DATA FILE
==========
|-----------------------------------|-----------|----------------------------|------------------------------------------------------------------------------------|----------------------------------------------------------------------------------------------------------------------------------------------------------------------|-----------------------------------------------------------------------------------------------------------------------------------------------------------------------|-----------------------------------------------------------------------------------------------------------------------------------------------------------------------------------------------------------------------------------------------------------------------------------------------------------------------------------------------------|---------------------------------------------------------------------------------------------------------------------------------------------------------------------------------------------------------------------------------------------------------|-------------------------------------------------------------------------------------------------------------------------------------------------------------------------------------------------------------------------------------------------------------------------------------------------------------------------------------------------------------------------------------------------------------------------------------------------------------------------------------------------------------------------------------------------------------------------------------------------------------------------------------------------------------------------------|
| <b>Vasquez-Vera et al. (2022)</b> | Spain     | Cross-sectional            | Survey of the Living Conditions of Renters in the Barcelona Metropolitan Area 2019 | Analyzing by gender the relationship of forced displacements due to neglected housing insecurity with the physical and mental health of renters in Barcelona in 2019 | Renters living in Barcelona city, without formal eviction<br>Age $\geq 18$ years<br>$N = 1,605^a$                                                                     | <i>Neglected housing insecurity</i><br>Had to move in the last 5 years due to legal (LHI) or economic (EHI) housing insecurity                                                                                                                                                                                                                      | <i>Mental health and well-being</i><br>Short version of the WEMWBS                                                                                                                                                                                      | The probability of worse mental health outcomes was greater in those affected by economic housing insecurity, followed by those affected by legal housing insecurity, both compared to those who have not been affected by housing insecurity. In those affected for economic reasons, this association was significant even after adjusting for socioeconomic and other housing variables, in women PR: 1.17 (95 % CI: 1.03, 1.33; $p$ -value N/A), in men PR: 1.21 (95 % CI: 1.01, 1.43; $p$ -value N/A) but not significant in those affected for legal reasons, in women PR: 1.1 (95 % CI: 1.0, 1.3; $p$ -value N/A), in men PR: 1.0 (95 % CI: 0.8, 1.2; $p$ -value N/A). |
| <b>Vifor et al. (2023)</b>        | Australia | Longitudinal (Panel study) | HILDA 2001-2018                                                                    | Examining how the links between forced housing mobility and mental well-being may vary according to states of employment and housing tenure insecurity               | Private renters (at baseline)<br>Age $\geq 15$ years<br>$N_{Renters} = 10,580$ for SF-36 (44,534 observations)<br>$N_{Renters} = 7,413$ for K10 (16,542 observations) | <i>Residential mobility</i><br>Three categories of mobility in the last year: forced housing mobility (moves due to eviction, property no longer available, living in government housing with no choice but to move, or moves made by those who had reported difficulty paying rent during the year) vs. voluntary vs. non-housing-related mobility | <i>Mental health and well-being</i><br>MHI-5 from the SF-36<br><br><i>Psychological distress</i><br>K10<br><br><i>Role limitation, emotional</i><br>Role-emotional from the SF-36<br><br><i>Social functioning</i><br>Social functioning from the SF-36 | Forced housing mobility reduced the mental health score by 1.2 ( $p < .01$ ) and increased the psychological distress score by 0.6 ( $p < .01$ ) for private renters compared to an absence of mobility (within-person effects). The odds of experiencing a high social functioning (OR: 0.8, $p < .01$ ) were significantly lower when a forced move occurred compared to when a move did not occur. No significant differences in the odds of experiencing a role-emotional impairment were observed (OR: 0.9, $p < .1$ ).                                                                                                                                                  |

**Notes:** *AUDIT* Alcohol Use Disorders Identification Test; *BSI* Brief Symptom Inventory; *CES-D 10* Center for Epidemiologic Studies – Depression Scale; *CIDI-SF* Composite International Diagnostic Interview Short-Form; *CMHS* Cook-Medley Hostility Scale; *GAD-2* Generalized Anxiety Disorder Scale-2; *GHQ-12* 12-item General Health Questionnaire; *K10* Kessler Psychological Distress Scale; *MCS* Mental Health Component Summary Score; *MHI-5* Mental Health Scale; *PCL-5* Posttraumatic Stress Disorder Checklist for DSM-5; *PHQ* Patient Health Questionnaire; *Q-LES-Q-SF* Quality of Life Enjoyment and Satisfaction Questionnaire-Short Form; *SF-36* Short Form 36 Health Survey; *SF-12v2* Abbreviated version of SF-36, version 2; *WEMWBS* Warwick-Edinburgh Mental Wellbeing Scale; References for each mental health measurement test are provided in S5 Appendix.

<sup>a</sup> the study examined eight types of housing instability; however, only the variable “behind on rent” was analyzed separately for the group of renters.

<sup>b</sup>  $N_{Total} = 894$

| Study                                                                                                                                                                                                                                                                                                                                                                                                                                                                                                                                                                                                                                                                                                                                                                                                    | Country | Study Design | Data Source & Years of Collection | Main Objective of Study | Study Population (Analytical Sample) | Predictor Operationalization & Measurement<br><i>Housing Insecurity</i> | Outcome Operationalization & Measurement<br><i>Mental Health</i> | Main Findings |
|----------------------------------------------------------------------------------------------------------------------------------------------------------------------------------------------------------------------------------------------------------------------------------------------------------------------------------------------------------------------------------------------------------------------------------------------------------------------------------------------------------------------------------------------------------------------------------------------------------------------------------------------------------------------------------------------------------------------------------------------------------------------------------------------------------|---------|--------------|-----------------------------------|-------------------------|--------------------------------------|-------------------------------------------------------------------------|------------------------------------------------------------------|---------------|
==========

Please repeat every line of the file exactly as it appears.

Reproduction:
|-----------------------------------|-----------|----------------------------|------------------------------------------------------------------------------------|----------------------------------------------------------------------------------------------------------------------------------------------------------------------|-----------------------------------------------------------------------------------------------------------------------------------------------------------------------|-----------------------------------------------------------------------------------------------------------------------------------------------------------------------------------------------------------------------------------------------------------------------------------------------------------------------------------------------------|---------------------------------------------------------------------------------------------------------------------------------------------------------------------------------------------------------------------------------------------------------|-------------------------------------------------------------------------------------------------------------------------------------------------------------------------------------------------------------------------------------------------------------------------------------------------------------------------------------------------------------------------------------------------------------------------------------------------------------------------------------------------------------------------------------------------------------------------------------------------------------------------------------------------------------------------------|
| <b>Vasquez-Vera et al. (2022)</b> | Spain     | Cross-sectional            | Survey of the Living Conditions of Renters in the Barcelona Metropolitan Area 2019 | Analyzing by gender the relationship of forced displacements due to neglected housing insecurity with the physical and mental health of renters in Barcelona in 2019 | Renters living in Barcelona city, without formal eviction<br>Age $\geq 18$ years<br>$N = 1,605^a$                                                                     | <i>Neglected housing insecurity</i><br>Had to move in the last 5 years due to legal (LHI) or economic (EHI) housing insecurity                                                                                                                                                                                                                      | <i>Mental health and well-being</i><br>Short version of the WEMWBS                                                                                                                                                                                      | The probability of worse mental health outcomes was greater in those affected by economic housing insecurity, followed by those affected by legal housing insecurity, both compared to those who have not been affected by housing insecurity. In those affected for economic reasons, this association was significant even after adjusting for socioeconomic and other housing variables, in women PR: 1.17 (95 % CI: 1.03, 1.33; $p$ -value N/A), in men PR: 1.21 (95 % CI: 1.01, 1.43; $p$ -value N/A) but not significant in those affected for legal reasons, in women PR: 1.1 (95 % CI: 1.0, 1.3; $p$ -value N/A), in men PR: 1.0 (95 % CI: 0.8, 1.2; $p$ -value N/A). |
| <b>Vifor et al. (2023)</b>        | Australia | Longitudinal (Panel study) | HILDA 2001-2018                                                                    | Examining how the links between forced housing mobility and mental well-being may vary according to states of employment and housing tenure insecurity               | Private renters (at baseline)<br>Age $\geq 15$ years<br>$N_{Renters} = 10,580$ for SF-36 (44,534 observations)<br>$N_{Renters} = 7,413$ for K10 (16,542 observations) | <i>Residential mobility</i><br>Three categories of mobility in the last year: forced housing mobility (moves due to eviction, property no longer available, living in government housing with no choice but to move, or moves made by those who had reported difficulty paying rent during the year) vs. voluntary vs. non-housing-related mobility | <i>Mental health and well-being</i><br>MHI-5 from the SF-36<br><br><i>Psychological distress</i><br>K10<br><br><i>Role limitation, emotional</i><br>Role-emotional from the SF-36<br><br><i>Social functioning</i><br>Social functioning from the SF-36 | Forced housing mobility reduced the mental health score by 1.2 ( $p < .01$ ) and increased the psychological distress score by 0.6 ( $p < .01$ ) for private renters compared to an absence of mobility (within-person effects). The odds of experiencing a high social functioning (OR: 0.8, $p < .01$ ) were significantly lower when a forced move occurred compared to when a move did not occur. No significant differences in the odds of experiencing a role-emotional impairment were observed (OR: 0.9, $p < .1$ ).                                                                                                                                                  |

**Notes:** *AUDIT* Alcohol Use Disorders Identification Test; *BSI* Brief Symptom Inventory; *CES-D 10* Center for Epidemiologic Studies – Depression Scale; *CIDI-SF* Composite International Diagnostic Interview Short-Form; *CMHS* Cook-Medley Hostility Scale; *GAD-2* Generalized Anxiety Disorder Scale-2; *GHQ-12* 12-item General Health Questionnaire; *K10* Kessler Psychological Distress Scale; *MCS* Mental Health Component Summary Score; *MHI-5* Mental Health Scale; *PCL-5* Posttraumatic Stress Disorder Checklist for DSM-5; *PHQ* Patient Health Questionnaire; *Q-LES-Q-SF* Quality of Life Enjoyment and Satisfaction Questionnaire-Short Form; *SF-36* Short Form 36 Health Survey; *SF-12v2* Abbreviated version of SF-36, version 2; *WEMWBS* Warwick-Edinburgh Mental Wellbeing Scale; References for each mental health measurement test are provided in S5 Appendix.

<sup>a</sup> the study examined eight types of housing instability; however, only the variable “behind on rent” was analyzed separately for the group of renters.

<sup>b</sup>  $N_{Total} = 894$

| Study                                                                                                                                                                                                                                                                                                                                                                                                                                                                                                                                                                                                                                                                                                                                                                                                    | Country | Study Design | Data Source & Years of Collection | Main Objective of Study | Study Population (Analytical Sample) | Predictor Operationalization & Measurement<br><i>Housing Insecurity</i> | Outcome Operationalization & Measurement<br><i>Mental Health</i> | Main Findings |
|----------------------------------------------------------------------------------------------------------------------------------------------------------------------------------------------------------------------------------------------------------------------------------------------------------------------------------------------------------------------------------------------------------------------------------------------------------------------------------------------------------------------------------------------------------------------------------------------------------------------------------------------------------------------------------------------------------------------------------------------------------------------------------------------------------|---------|--------------|-----------------------------------|-------------------------|--------------------------------------|-------------------------------------------------------------------------|------------------------------------------------------------------|---------------|